Updated 10:40 a.m. Tuesday
WASHINGTON — President-elect Donald Trump announced via Twitter on Tuesday that anyone who burns an American flag should face unspecified "consequences," such as jail or a loss of citizenship — a move that was ruled out by the Supreme Court nearly three decades ago.
The latest pronouncement from the president-elect came early Tuesday morning:
It was not immediately clear what prompted the tweet.
Trump's words put him at odds with the late Justice Antonin Scalia, who was in the majority in the 1989 decision that said flag-burning is a form of speech that is protected by the First Amendment.
Trump has called Scalia, who died in February, a great judge and said he would appoint someone to fill Scalia's seat who is much like the conservative legal icon.
In 1989, Scalia signed onto an opinion written by the liberal Justice William Brennan that struck down a criminal conviction under Texas law for burning a flag during a political protest.
Asked about that vote decades later in an interview on CNN, Scalia said he would outlaw flag-burning "if I were king." But the First Amendment exists to protect "speech critical of the government. That's the main type of speech tyrants would seek to suppress," he said.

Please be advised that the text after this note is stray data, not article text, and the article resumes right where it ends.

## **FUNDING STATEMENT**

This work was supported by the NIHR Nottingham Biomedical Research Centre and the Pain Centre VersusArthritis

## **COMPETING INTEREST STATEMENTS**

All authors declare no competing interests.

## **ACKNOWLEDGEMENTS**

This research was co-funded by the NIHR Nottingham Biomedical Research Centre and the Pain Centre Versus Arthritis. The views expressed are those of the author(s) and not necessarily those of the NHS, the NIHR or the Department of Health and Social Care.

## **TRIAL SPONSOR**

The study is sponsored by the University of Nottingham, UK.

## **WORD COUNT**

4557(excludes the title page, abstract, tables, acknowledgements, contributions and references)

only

The White House echoed Tuesday that the First Amendment should prevail in such matters.
"We have a responsibility as a country" to carefully protect the rights enshrined in the Constitution, White House spokesman Josh Earnest said, adding that the burning of the U.S. flag offends most Americans, himself included.
House Majority Leader Kevin McCarthy said that he does not "support or believe in the idea of people burning the American flag. I support the First Amendment." He added that Congress has no plans to take action against flag-burning.
Also on Tuesday, Rep. Sean Duffy, R-Wis., took issue with the tweet. "We want to protect those people who want to protest. ... I disagree with Mr. Trump on that," Duffy said Tuesday on CNN's "New Day".
Duffy is the chairman of the House Financial Services Committee's panel on oversight and investigations.